The most important thing you may do for your health this winter is get your skin checked. While a great number of people take on-board the sun-smart message during summer, it is often neglected during the winter. When the temperature drops or you haven’t seen the sun in days, don’t think you can put away the sunscreen. Even in the winter and on cloudy days, it’s important to guard your skin against cancer and aging.
But as winter sets in, all too often our skin gets covered up and forgotten. If you want to avoid a nasty surprise when next springtime comes and you uncover again, you need to take some simple steps in winter.
1.Be good to your skin!
Hot, cold, wet, dry or windy conditions can all dry out your skin. Ignoring your skin because it’s covered in winter woollies leaves you prone to cracking and drying out. This can be sore and itchy, but also makes you prone to skin infections. Moisturise at least once a day, and ideally three or four times to keep cracked, dry skin at bay. Lotions only last a short time – for intensive treatment ask your pharmacist about emollient creams and slather all over.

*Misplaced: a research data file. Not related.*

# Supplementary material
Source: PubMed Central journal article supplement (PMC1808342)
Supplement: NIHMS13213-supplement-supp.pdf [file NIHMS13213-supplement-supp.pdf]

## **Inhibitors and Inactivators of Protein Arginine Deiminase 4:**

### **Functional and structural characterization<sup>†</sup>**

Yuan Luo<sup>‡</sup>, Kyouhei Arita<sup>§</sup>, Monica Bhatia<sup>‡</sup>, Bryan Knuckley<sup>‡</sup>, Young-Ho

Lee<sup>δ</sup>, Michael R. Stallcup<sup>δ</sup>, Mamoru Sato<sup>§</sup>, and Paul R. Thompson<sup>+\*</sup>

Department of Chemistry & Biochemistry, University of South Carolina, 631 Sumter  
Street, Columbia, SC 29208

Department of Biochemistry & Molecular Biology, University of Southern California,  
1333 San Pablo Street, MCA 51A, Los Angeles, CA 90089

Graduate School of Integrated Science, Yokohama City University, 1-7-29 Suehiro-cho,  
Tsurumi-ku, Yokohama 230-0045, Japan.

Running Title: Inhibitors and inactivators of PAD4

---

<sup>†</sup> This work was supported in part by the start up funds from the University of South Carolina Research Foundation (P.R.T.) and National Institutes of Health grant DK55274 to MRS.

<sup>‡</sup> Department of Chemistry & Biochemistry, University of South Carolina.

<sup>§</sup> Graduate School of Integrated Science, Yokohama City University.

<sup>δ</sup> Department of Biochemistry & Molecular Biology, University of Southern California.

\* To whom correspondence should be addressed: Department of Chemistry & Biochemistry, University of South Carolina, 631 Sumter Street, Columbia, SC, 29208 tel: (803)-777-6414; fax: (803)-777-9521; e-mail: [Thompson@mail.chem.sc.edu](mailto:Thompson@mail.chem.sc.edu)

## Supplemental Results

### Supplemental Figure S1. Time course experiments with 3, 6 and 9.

2. Use sun protection cream – even during winter
During the winter season our skin is luckier because we wear warm clothes that cover most of our body. But the UV rays are present even during the cold seasons, therefore it is important to use sun protection cream even during the cold season.
3. Squamous and basal cell cancers
All new skin changes that don’t go on their own should be checked out just in case. Your doctor can usually reassure you but may arrange minor surgery to cut out the growth and check it under a microscope.
4. Diabetes alert
Having type 1 or type 2 diabetes makes you more prone to skin damage, as the nerve supply can be affected so you don’t feel injuries. Feet are a potential trouble spot. Always wear socks and well-fitting shoes to avoid rubbing, wash your feet daily with warm water and soap and moisturise. Trim your toenails every six to eight weeks but don’t cut too short at the edges.
Additionally, winter may prove to be the best time for a full skin check. As most people are covered up during the winter months, this minimises sun exposure to skin lesions and moles. This can allow for better dermoscopy viewing (a distinct magnifying light, which allows a doctor to closely examine spots on the skin). Sun exposure can cause a mole to transform slightly which can make a normal mole appear suspect. If you notice a spot on the skin that looks different from the others or is changing, bleeding or itchy, it should be examined by a doctor.